In the final week of November, Transportation Minister Guillermo Dietrich ventured to the Swamp and the Big Apple (AKA Washington DC and New York) in hopes of bringing back some dollars of his own through the US $33 billion (yes, with a b) infrastructure investment plan prepared by the Macri administration for the next four years. The Transportation Ministry intends on the development and modernization of infrastructure through a national strategy to improve connectivity and productivity of regional economies, not just that of Buenos Aires.
In Washington, Dietrich was able to meet with his US counterpart, Elaine Chao and discussed the challenges that face both the US and Argentine transportation sectors. He also stopped by the Inter-American Development Bank to meet with President Luis Alberto Moreno discussing the different projects that the IDB is supporting in the country. The Transportation Minister acknowledged that this project is the most ambitious of the nation’s history.
Dietrich rounded out his trip in DC meeting with both the US Chamber of Commerce and the Wilson Center to continue his stump speech on the government’s plan to improve infrastructure. The US Chamber of Commerce, a large business organization, launched the US-Argentina Business Council in April this year, as part of renewed efforts to strengthen economic and commercial ties between the two countries. The Wilson Center, a prominent think-tank in Washington, launched its “Argentina Project” in late September. The Wilson Center intends on creating a forum for non-partisan discussions to highlight US-Argentine relations.
In New York, Dietrich met with US and international business firms for one last push before a trip to the United Nations headquarters.
The investment plan details prioritization to the following areas: roads, urban mobility, port and waterways, freight rail, and air transportation. By 2019, the Transportation Ministry expects to double both the amount of national highways and the amount of domestic flight passengers in the country. By 2025, Dietrich’s plan anticipates a US $14 billion investment in metropolitan trains, 15 Metrobuses, and to triple the amount of train passengers in urban settings. With a long game in mind, the plan includes a proposal for freight rail to increase its loads times five and create 3,500 km of new tracks for state-owned Belgrano Cargas y Logísticas by 2035.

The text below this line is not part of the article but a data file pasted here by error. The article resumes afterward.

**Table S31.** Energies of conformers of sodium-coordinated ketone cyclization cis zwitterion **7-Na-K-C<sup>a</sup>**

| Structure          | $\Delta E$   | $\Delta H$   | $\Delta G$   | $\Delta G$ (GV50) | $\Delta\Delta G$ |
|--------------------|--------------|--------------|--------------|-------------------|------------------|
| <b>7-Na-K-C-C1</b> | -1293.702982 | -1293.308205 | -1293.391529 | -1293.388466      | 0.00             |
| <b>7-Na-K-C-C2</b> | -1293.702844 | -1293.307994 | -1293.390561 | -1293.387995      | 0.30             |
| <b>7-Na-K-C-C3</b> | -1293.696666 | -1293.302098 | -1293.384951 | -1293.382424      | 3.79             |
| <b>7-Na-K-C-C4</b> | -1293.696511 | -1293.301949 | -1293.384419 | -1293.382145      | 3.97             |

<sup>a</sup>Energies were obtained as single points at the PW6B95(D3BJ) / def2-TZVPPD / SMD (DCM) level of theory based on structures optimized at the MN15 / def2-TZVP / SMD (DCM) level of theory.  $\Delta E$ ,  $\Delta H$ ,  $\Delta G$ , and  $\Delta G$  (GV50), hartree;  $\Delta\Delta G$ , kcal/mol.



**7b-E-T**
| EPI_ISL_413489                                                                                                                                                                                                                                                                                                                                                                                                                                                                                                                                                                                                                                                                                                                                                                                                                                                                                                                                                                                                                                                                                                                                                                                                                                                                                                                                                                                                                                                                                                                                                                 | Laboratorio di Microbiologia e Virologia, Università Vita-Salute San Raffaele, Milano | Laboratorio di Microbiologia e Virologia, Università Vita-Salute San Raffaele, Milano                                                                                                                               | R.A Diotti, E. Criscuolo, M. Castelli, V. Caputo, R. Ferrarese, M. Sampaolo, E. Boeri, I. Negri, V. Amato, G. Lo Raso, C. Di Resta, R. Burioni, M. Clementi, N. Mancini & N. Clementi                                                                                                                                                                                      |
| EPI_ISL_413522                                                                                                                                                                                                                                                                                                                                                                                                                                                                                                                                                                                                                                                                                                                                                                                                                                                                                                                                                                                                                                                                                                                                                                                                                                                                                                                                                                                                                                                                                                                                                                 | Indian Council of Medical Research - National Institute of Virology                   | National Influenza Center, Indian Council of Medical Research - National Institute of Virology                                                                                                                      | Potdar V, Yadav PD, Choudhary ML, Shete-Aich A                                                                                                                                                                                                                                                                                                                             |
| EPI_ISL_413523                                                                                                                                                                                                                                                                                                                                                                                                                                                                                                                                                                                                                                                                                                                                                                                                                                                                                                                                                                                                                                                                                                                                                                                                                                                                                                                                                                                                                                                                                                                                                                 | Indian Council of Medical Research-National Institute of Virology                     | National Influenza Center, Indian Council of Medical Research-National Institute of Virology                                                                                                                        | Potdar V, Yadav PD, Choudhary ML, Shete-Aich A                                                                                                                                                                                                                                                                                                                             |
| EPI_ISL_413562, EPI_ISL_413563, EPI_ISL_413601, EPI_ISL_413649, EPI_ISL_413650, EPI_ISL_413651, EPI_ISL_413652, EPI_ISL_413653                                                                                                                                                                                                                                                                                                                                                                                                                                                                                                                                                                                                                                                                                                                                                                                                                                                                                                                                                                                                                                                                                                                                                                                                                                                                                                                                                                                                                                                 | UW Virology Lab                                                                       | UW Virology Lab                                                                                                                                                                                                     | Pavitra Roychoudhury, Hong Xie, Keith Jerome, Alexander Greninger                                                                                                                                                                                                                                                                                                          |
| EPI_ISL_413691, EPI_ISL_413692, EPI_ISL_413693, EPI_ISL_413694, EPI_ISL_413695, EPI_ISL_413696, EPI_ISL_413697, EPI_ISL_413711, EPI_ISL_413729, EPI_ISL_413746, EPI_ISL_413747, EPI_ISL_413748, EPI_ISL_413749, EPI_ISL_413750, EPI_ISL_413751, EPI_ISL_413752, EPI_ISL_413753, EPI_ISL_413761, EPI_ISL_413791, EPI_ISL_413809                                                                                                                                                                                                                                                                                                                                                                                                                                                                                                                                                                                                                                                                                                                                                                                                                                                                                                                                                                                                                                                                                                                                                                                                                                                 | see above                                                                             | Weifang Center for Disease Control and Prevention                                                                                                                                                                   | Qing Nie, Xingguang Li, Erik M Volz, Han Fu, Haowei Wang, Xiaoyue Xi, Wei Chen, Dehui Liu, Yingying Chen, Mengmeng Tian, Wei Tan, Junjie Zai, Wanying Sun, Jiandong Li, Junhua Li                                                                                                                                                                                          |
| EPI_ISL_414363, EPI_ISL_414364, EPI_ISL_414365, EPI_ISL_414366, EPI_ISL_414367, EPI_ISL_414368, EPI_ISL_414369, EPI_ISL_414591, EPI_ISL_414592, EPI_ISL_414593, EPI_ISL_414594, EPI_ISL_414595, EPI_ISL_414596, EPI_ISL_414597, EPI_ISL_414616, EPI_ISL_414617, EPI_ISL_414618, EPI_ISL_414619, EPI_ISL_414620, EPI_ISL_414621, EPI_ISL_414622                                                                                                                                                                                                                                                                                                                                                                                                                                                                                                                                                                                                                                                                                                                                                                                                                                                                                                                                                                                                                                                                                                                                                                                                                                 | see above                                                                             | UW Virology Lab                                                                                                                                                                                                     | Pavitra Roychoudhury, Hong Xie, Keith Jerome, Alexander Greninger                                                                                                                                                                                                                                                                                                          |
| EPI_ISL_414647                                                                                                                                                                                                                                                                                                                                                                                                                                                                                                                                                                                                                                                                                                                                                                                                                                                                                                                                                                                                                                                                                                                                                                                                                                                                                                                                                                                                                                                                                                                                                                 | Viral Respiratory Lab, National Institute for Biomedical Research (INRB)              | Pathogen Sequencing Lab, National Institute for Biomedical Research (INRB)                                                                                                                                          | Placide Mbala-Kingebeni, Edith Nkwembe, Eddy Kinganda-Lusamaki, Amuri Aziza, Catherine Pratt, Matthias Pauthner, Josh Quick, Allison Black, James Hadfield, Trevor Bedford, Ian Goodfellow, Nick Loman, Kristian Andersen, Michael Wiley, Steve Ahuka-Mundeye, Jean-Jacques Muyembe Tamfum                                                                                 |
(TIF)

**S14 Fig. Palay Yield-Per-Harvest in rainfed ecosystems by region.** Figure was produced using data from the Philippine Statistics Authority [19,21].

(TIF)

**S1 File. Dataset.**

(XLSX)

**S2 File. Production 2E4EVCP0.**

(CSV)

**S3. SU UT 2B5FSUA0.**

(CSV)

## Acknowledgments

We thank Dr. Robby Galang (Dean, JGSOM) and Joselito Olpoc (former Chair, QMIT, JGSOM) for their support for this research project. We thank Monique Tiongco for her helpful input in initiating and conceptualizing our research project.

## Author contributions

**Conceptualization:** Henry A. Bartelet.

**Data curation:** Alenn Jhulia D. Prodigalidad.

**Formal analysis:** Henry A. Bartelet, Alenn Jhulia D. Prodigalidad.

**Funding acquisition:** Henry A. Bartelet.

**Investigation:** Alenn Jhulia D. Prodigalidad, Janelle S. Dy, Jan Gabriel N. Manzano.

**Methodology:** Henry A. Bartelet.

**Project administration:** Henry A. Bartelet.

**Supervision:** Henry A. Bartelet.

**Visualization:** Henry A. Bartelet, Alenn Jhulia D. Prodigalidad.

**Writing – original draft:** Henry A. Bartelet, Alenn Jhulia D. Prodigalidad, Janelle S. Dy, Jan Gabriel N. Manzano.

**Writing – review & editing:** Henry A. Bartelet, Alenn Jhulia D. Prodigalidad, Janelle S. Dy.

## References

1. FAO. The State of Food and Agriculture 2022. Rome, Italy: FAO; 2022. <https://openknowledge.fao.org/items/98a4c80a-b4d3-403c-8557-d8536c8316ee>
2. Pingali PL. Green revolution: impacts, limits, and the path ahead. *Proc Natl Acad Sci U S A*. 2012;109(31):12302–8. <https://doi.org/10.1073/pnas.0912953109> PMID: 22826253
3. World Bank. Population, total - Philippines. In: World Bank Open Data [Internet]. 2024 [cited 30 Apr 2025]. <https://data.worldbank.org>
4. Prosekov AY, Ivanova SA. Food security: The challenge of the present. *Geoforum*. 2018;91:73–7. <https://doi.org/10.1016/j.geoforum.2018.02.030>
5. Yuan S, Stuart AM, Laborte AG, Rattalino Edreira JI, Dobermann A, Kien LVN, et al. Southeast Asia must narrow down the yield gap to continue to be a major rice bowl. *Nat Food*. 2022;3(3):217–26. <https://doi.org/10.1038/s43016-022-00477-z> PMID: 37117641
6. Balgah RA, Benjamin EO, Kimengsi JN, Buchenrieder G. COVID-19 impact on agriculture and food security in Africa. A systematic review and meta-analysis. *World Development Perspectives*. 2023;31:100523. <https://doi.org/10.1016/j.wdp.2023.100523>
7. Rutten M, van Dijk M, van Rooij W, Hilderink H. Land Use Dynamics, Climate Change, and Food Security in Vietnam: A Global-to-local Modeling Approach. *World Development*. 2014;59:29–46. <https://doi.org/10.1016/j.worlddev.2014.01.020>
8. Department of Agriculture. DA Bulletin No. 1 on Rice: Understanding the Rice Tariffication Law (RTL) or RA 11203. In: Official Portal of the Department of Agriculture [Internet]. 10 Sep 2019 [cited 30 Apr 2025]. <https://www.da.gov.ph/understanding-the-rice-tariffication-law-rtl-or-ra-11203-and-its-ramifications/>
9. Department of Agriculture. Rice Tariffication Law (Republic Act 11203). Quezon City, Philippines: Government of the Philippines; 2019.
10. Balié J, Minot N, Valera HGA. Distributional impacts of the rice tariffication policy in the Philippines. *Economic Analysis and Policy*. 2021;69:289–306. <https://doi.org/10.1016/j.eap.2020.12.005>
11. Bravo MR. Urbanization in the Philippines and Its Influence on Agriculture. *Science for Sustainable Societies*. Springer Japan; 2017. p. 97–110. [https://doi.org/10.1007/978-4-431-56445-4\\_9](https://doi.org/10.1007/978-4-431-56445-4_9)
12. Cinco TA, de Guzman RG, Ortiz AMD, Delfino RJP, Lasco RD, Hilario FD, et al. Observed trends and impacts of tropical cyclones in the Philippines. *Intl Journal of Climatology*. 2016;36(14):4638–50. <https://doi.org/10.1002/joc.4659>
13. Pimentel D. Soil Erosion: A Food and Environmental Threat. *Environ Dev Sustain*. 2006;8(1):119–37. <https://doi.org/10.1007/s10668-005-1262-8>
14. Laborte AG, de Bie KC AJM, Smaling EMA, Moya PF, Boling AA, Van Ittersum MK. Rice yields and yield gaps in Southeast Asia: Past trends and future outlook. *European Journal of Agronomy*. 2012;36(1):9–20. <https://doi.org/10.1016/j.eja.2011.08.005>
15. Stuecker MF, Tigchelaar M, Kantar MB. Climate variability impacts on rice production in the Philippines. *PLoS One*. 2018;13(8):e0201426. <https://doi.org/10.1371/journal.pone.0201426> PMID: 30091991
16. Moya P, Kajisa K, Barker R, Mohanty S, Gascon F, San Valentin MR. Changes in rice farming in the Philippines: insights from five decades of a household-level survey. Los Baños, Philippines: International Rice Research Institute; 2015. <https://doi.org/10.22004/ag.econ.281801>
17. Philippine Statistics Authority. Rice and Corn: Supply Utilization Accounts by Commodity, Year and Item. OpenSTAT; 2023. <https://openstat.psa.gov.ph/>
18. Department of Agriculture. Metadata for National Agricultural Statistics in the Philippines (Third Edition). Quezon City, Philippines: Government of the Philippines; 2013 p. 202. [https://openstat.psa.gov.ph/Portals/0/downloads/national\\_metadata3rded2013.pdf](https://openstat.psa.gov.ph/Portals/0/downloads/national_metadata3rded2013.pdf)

It’s not all sunshine and roses, though. US companies, or those who do due diligence, know that the market has been inundated by Chinese investment per the former administration’s fondness of the Asian superpower. China’s strong presence in the country, and in Latin America as a whole, is undeniable, though the Macri administration has touted its efforts to foster further competition which can help take the edge off.
Although enthusiastically lauding the historic improvements made in the last two years, there is a steep climb ahead. Dietrich acknowledged the controversies that clouded public works tenders of yore—that’s to say, that the former Public Works Secretary, former Planning Minister, and the former Transportation Secretary are all in jail for charges relating to the transportation sector (among others). Turning the negative to a positive, Dietrich focused on the transparency efforts that the Ministry of Transportation have taken on since taking office, including a free online portal for procurement. Dietrich added Argentina saved US $3.6 billion in 2016-2017 using targeted transparent and efficient public expenditure management.
This investment plan, alongside the G-20 presidency that Macri assumed recently, presents a big moment for Argentina. With Western investors finally turning their eyes toward Argentina, the Macri administration has the ability to put into action the political aspirations it has wanted to achieve. Macri has been talking up Argentina’s potential throughout his last two years in office and he now has the chance to prove it.